The PVOH polymer melt composition may comprise a) from about 30% and/or 40% and/or 45% and/or 50% to about 75% and/or 80% and/or 85% and/or 90% and/or 99.5% by weight of the PVOH polymer melt composition of a hydroxyl polymer comprising at least a PVOH hydroxyl polymer; b) a crosslinking system comprising from about 0.1% to about 10% by weight of the PVOH polymer melt composition of a crosslinking agent; and c) from about 0% and/or 10% and/or 15% and/or 20% to about 50% and/or 55% and/or 60% and/or 70% by weight of the PVOH polymer melt composition of an external plasticizer (e.g., water).
B. Polymer Processing
“Polymer processing” as used herein means any operation and/or process by which a polymeric structure comprising a processed hydroxyl polymer is formed from a PVOH polymer melt composition. Nonlimiting examples of polymer processing operations include extrusion, molding and/or fiber spinning. Extrusion and molding (either casting or blown), typically produce films, sheets and various profile extrusions. Molding may include injection molding, blown molding and/or compression molding. Fiber spinning may include spun bonding, melt blowing, continuous fiber producing and/or tow fiber producing.
A “processed hydroxyl polymer” as used herein means any hydroxyl polymer that has undergone a melt processing operation and a subsequent polymer processing operation.
C. Polymeric Structure
The PVOH polymer melt composition can be subjected to one or more polymer processing operations such that the PVOH polymer melt composition is processed into a polymeric structure such as a fiber, film or foam comprising the hydroxyl polymer and a crosslinking system according to the present invention.
Post Treatment of Polymeric Structures
Once the PVOH polymer melt composition has been processed into a polymeric structure, such as a fiber, a film, a foam, or a plurality of fibers that together form a fibrous structure, the structure may be subjected to post-treatment curing and/or differential densification.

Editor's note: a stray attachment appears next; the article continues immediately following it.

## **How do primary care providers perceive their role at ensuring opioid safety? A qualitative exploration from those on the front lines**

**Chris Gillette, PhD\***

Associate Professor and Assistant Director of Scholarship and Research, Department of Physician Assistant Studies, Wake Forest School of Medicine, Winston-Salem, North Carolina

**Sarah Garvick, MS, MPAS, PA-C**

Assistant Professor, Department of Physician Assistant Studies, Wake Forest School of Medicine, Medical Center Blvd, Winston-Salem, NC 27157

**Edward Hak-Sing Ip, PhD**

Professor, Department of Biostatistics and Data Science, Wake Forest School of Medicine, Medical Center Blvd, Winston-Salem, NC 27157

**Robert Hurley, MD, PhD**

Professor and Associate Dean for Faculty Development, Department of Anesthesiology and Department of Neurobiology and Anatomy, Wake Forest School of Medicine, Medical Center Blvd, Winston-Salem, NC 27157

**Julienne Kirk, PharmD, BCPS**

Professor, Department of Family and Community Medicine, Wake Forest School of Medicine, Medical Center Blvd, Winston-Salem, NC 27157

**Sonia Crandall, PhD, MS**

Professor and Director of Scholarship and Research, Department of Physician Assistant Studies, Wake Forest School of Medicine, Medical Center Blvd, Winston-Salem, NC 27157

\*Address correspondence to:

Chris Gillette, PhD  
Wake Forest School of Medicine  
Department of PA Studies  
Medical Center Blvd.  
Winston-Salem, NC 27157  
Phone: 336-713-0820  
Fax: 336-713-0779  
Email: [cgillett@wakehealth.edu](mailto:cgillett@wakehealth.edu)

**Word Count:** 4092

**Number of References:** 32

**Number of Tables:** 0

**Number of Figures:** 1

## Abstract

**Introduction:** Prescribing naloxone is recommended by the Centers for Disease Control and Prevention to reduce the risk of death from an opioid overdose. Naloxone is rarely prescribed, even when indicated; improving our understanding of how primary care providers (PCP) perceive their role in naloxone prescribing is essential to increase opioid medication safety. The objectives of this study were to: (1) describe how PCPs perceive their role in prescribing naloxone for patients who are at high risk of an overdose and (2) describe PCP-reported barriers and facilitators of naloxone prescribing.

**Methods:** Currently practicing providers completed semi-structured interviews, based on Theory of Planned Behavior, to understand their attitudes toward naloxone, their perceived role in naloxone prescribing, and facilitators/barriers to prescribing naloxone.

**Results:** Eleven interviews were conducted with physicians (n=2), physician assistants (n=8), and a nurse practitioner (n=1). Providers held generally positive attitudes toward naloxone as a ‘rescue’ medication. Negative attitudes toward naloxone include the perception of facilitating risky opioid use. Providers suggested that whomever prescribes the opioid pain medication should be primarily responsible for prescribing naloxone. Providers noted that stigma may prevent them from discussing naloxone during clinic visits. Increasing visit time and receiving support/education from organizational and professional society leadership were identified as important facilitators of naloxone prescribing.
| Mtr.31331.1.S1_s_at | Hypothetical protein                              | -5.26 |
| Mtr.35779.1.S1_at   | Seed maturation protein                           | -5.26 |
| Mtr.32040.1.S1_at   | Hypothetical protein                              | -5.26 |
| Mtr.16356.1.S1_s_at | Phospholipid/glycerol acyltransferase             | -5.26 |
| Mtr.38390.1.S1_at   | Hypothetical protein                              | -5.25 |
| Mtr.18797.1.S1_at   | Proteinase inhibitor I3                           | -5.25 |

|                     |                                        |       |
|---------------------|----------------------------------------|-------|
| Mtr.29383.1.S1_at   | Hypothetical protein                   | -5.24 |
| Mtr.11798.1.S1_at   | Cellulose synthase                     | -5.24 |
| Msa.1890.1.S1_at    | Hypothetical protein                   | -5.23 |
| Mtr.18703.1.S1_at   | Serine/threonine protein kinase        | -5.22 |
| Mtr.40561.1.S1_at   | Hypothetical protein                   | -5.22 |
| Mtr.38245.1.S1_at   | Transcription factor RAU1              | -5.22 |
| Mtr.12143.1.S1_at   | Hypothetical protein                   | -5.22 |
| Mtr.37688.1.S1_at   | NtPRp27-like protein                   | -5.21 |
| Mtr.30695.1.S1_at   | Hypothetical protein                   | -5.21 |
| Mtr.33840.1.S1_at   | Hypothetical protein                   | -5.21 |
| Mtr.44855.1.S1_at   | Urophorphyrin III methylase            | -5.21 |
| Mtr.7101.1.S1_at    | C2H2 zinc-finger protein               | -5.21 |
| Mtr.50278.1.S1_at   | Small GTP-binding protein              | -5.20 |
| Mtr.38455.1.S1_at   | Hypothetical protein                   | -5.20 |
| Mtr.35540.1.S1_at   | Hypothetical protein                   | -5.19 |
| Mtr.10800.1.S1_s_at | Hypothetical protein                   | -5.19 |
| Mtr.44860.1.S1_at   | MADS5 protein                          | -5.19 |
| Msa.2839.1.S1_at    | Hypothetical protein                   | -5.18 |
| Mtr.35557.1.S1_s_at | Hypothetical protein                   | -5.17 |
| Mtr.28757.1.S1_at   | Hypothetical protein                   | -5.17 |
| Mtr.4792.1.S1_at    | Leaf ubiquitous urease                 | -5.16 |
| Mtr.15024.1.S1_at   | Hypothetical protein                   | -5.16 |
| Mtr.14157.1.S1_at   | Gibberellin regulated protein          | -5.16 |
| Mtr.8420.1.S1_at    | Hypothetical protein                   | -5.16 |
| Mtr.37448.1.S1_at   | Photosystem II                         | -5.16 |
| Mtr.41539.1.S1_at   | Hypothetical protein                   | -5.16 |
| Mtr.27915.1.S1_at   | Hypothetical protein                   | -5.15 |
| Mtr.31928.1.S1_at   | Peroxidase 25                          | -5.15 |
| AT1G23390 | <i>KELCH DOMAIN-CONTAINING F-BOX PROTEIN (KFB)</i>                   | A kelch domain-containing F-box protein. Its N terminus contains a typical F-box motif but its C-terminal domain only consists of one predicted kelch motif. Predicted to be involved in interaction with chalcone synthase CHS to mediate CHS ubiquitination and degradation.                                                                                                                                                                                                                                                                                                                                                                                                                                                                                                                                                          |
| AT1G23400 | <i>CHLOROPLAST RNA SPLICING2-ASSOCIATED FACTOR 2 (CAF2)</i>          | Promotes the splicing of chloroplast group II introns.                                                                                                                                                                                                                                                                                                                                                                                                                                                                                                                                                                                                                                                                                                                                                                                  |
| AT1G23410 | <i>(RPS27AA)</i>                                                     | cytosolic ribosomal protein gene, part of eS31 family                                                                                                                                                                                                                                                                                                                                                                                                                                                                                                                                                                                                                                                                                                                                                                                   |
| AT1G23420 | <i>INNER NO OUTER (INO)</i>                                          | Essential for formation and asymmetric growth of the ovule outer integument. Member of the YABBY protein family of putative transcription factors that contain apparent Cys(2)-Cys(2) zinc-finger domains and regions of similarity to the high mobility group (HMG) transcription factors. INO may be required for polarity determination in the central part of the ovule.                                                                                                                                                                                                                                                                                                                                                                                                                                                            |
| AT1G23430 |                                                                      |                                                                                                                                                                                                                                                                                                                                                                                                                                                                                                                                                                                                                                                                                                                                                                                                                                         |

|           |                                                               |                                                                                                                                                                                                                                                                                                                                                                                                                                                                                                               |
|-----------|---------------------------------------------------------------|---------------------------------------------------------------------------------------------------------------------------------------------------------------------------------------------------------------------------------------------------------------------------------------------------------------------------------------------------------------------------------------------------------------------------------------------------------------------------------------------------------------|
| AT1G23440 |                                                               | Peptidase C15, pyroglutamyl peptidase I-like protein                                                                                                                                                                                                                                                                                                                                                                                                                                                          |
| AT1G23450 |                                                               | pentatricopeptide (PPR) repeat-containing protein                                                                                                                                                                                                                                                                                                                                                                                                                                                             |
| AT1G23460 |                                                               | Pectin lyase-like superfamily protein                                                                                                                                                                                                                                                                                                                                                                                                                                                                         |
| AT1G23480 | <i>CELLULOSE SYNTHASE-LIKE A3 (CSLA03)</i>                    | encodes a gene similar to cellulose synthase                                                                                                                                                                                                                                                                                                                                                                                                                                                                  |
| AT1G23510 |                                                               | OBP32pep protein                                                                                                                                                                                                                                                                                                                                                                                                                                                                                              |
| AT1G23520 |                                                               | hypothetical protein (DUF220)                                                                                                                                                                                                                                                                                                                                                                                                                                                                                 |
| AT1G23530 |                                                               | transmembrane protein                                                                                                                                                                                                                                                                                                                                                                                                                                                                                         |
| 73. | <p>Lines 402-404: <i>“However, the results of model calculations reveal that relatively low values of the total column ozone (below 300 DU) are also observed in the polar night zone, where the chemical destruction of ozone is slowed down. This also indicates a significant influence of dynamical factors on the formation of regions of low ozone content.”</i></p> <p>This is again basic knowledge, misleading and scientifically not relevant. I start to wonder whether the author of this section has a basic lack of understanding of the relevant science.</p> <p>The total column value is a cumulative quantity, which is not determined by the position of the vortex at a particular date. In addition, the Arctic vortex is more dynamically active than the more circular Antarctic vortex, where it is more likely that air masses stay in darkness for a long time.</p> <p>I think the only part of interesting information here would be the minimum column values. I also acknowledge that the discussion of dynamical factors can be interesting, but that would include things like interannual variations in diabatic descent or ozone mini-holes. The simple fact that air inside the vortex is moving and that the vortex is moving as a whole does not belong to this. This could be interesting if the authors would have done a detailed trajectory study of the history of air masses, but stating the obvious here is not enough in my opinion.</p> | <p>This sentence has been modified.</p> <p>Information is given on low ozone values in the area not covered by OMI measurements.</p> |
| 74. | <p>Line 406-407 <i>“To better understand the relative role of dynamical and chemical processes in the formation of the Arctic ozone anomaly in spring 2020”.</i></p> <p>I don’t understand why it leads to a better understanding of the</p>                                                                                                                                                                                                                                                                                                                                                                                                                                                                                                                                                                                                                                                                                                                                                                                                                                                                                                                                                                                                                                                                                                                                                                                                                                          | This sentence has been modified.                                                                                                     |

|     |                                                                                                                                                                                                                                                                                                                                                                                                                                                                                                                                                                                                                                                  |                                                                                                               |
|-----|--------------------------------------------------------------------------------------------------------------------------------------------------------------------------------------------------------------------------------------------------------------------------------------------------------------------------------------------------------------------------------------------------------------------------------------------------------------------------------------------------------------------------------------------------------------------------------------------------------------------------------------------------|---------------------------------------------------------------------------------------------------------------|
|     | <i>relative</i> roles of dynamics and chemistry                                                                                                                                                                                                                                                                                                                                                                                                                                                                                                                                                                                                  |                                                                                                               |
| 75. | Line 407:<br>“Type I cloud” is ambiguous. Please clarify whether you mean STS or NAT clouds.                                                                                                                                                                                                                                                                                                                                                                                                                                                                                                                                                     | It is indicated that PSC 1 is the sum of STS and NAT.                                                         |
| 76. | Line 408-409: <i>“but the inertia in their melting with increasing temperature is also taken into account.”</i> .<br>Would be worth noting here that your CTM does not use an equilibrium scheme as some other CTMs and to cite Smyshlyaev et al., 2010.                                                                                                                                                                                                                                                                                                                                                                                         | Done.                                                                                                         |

Curing of the structure may occur before and/or after densifying a region of the structure. Preferably curing occurs before densifying a region of the structure.
In one embodiment, the structure produced via a polymer processing operation may be cured at a curing temperature of from about 110° C. to about 200° C. and/or from about 120° C. to about 195° C. and/or from about 130° C. to about 185° C. for a time period of from about 0.01 and/or 1 and/or 5 and/or 15 seconds to about 60 minutes and/or from about 20 seconds to about 45 minutes and/or from about 30 seconds to about 30 minutes prior to densifying a region of the structure. Alternative curing methods may include radiation methods such as UV, e-beam, IR and other temperature-raising methods.
Further, the structure may also be cured at room temperature for days, either after curing at above room temperature or instead of curing at above room temperature.
The structure prior to being densified may comprise non-associated substantially continuous or continuous fibers comprising a hydroxyl polymer. Further, the substantially continuous or continuous fibers may comprise crosslinked hydroxyl polymers. Even further yet, the structure may comprise from about 10% and/or from about 15% and/or from about 20% to about 60% and/or to about 50% and/or to about 40% by weight of the structure of moisture.
Before differential densification, the structure may be in the form of a non-associated structure, especially if the structure comprises one or more fibers. The structure in such non-differential densified form is inferior in intensive properties, especially tensile (stretch), than its wood-based cellulosic fibrous structure cousins.
Accordingly, the structure of the present invention may be subjected to differential densification via a differentially densifying operation. Such differential densification can occur on-line in a continuous process that includes forming the structure and then differentially densifying the structure. Alternatively, the differential densification can occur off-line in a non-continuous process.
Any differentially densifying process known to those of ordinary skill in the art may be used to differentially densify the structures of the present invention.
As a result of differential densification, the structure comprises two or more regions that exhibit different densities as compared to the other.
In one embodiment, the differentially densifying process comprises the step of imparting plasticity into a structure in need of differential densification such that regions of different density can be created in the structure. In other words, the differentially densifying process comprises the step of imparting plasticity into a structure in need of differential densification such that a pattern can be created in the structure. The pattern is designed to impart regions of different densities in the structure. Exposing the structure in need of differential densification to a humid environment, such as from about 20% to about 95% and/or from about 40% to about 90% and/or from about 50% to about 85% and/or from about 65% to about 80% relative humidity for a sufficient time, such as at least 1 second and/or at least 3 seconds and/or at least 5 seconds, can impart sufficient plasticity to the structure to permit differential densification to be created in the structure.